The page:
“Hi, Brody! Hi, Shelby!” Abby Walker says as she enters her principal’s office. Brody is a mix of Labrador retriever, Great Dane, and German shepherd. He runs toward Abby. Shelby is a border collie mix. She is also eager to be petted.
Abby, 13, is a student at Shell Bank. Shell Bank is a junior high school in Brooklyn, New York. Brody belongs to Principal Teri Ahearn, and Shelby belongs to a teacher. Abby likes to visit the pups. “When I was new to Shell Bank in sixth grade, it was hard to settle down,” Abby told TIME for Kids. The dogs, she says, soon helped her “meet new people.”
BACK RUBS A student at Shell Bank pets a relaxed Brody.
STEPHEN BLUE FOR TIME FOR KIDS
Shell Bank uses Brody and Shelby as part of the Mutt-i-grees Curriculum. Yale University’s School of the 21st Century and the Pet Savers Foundation, a division of New York’s North Shore Animal League America, created Mutt-i-grees in 2010. The curriculum brings dogs into classrooms to help students develop empathy.
Matia Finn-Stevenson is the director of the School of the 21st Century. She says the curriculum trains students to look at a dog’s body language. “Students ask themselves, ‘Is the dog wagging its tail? Is it shaking? And what does this show about the dog’s emotions?’ You can apply this skill to people, too,” Finn-Stevenson explains. “By learning how to read a dog’s body language, you can learn how to read people’s body language and see how they feel.”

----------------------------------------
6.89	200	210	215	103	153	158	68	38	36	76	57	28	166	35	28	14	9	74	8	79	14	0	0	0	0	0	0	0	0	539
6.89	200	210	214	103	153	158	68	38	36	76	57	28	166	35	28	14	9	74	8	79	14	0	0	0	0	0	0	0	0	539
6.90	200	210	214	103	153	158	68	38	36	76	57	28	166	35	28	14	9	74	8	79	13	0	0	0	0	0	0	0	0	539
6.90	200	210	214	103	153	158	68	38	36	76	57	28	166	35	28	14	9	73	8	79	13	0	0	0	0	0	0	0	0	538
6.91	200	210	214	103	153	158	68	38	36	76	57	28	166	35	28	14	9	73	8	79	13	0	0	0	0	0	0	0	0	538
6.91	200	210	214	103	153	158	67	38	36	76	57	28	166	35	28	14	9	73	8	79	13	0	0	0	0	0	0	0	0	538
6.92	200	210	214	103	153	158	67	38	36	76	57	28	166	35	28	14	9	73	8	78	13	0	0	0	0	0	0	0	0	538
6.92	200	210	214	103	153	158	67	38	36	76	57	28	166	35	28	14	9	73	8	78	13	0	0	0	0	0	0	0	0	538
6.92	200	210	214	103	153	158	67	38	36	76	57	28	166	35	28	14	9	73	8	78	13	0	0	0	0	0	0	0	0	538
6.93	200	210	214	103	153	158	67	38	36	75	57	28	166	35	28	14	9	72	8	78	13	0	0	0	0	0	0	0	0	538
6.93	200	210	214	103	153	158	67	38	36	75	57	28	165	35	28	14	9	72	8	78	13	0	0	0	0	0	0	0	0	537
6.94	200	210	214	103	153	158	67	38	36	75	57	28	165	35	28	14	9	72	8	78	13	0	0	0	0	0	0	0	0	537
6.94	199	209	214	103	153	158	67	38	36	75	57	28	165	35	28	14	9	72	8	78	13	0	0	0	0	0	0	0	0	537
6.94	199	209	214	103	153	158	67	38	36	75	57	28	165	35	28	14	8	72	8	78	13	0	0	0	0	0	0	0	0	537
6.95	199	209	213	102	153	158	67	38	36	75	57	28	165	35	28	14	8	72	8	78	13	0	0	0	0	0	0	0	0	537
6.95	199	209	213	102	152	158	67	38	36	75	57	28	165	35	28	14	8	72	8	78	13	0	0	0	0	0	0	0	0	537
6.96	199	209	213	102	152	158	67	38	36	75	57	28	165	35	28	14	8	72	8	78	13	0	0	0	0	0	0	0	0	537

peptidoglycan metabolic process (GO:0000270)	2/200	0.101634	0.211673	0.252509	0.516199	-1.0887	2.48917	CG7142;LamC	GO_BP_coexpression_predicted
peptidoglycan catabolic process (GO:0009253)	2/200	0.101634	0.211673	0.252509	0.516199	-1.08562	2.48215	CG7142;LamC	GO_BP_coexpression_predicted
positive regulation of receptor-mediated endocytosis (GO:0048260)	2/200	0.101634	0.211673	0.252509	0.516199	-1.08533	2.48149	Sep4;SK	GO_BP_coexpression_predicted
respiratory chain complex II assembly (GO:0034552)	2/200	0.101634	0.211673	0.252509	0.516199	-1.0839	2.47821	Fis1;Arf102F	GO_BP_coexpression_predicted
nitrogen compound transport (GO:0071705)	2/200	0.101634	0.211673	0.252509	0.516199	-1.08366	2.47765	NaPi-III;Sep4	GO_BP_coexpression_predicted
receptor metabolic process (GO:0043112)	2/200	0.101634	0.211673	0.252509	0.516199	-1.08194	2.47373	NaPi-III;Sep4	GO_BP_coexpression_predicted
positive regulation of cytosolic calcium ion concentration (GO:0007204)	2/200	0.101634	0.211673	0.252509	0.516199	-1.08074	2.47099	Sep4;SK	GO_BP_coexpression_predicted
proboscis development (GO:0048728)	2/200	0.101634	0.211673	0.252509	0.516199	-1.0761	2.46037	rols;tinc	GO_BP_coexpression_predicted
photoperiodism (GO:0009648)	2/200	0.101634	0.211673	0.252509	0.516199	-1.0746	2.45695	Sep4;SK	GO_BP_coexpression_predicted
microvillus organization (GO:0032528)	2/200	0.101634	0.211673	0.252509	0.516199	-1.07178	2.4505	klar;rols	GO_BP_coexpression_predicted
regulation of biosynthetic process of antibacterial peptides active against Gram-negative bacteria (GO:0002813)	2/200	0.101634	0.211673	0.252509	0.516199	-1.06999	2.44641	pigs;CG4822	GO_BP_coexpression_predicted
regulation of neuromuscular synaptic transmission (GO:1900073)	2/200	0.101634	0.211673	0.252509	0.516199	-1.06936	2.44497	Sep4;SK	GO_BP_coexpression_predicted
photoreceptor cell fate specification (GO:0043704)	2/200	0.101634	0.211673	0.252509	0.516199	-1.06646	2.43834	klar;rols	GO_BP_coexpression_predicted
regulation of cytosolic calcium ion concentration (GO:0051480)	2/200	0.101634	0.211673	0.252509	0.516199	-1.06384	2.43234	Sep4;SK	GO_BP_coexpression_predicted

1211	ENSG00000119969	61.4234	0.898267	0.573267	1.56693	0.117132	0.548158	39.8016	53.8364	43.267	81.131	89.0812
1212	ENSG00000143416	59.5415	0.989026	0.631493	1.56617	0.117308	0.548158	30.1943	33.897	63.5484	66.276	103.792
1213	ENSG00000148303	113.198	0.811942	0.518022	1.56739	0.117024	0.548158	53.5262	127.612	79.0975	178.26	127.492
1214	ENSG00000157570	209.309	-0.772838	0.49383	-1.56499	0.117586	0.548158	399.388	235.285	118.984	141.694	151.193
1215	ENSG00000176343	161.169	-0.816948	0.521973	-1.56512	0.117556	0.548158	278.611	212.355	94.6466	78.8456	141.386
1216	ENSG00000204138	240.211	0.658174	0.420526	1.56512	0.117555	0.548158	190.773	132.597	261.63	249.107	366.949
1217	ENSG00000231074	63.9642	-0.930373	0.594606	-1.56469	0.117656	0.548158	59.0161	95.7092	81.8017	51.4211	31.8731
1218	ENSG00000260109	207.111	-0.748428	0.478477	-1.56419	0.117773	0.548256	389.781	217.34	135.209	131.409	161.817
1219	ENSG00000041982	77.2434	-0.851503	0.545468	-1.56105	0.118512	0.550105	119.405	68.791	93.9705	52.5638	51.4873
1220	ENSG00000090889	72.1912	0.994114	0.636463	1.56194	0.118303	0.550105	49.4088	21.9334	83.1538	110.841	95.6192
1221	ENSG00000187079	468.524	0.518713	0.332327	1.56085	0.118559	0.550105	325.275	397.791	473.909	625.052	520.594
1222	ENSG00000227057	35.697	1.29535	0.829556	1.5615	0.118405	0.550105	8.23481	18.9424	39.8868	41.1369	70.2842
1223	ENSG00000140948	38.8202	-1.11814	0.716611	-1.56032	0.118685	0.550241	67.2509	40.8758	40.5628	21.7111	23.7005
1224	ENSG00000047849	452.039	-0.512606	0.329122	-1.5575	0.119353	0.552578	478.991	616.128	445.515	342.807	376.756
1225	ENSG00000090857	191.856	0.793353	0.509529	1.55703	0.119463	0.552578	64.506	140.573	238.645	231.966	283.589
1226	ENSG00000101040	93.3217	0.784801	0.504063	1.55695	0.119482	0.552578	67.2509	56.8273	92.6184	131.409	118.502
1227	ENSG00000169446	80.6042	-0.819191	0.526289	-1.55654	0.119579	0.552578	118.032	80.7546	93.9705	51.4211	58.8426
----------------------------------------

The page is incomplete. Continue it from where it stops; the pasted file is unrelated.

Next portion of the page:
Mutt-i-grees also teaches the importance of rescuing pets from animal shelters (see sidebar, "By the Numbers"). Brody and Shelby were adopted from a shelter. Principal Ahearn says “the dogs have made kids feel better about themselves.”
LESSONS ON A LEASH Students at Fenway High School, in Boston, learn empathy from dogs.
COURTESY MAXIMILLIAN EISENBERG
More than 4,000 schools, libraries, and community centers across the United States and Canada teach the Mutt-i-grees Curriculum. Marion Endress teaches at Hancock Place Elementary, in Lemay, Missouri. She uses her rescue dog, Desi, to teach compassion. “Before Desi was adopted, he was treated badly,” Endress says. “My students and I discuss the consequences of bullying.”
Mutt-i-grees also inspires kids to support animal shelters. For example, Shell Bank raised $500 for a shelter. Sal Amato, 15, says the school used the money to buy food for the pets.
Sal recently graduated from Shell Bank. But he still visits Brody and Shelby. The Mutt-i-grees Curriculum motivated him to do well in school. “My grades have gone up,” Sal says as he pets the friendly mutts. “And it’s all because of these guys.”
PUPPY LOVE A rescue pup visits Stepping Stones Museum for Children, in Connecticut.
COURTESY MAXIMILLIAN EISENBERG
Each year, millions of pets end up in animal shelters. The numbers below show the extent of the problem. They also offer hope: Each year, more than 1 million dogs are rescued and wind up in loving homes. Don’t worry, cat fanciers. The figure is the same for felines.
Approximately 6.5 million companion animals enter U.S. animal shelters every year.
Of those, around 3.3 million are dogs.
An estimated 1.6 million dogs are adopted from shelters every year.
Stop & Think! Whom did the author interview for the article? What perspective does each bring to the story? If you could hear from more people, who would they be, and why?
Assessment: Click here for a printable quiz. Teacher subscribers can find the answer key in this week's Teacher's Guide.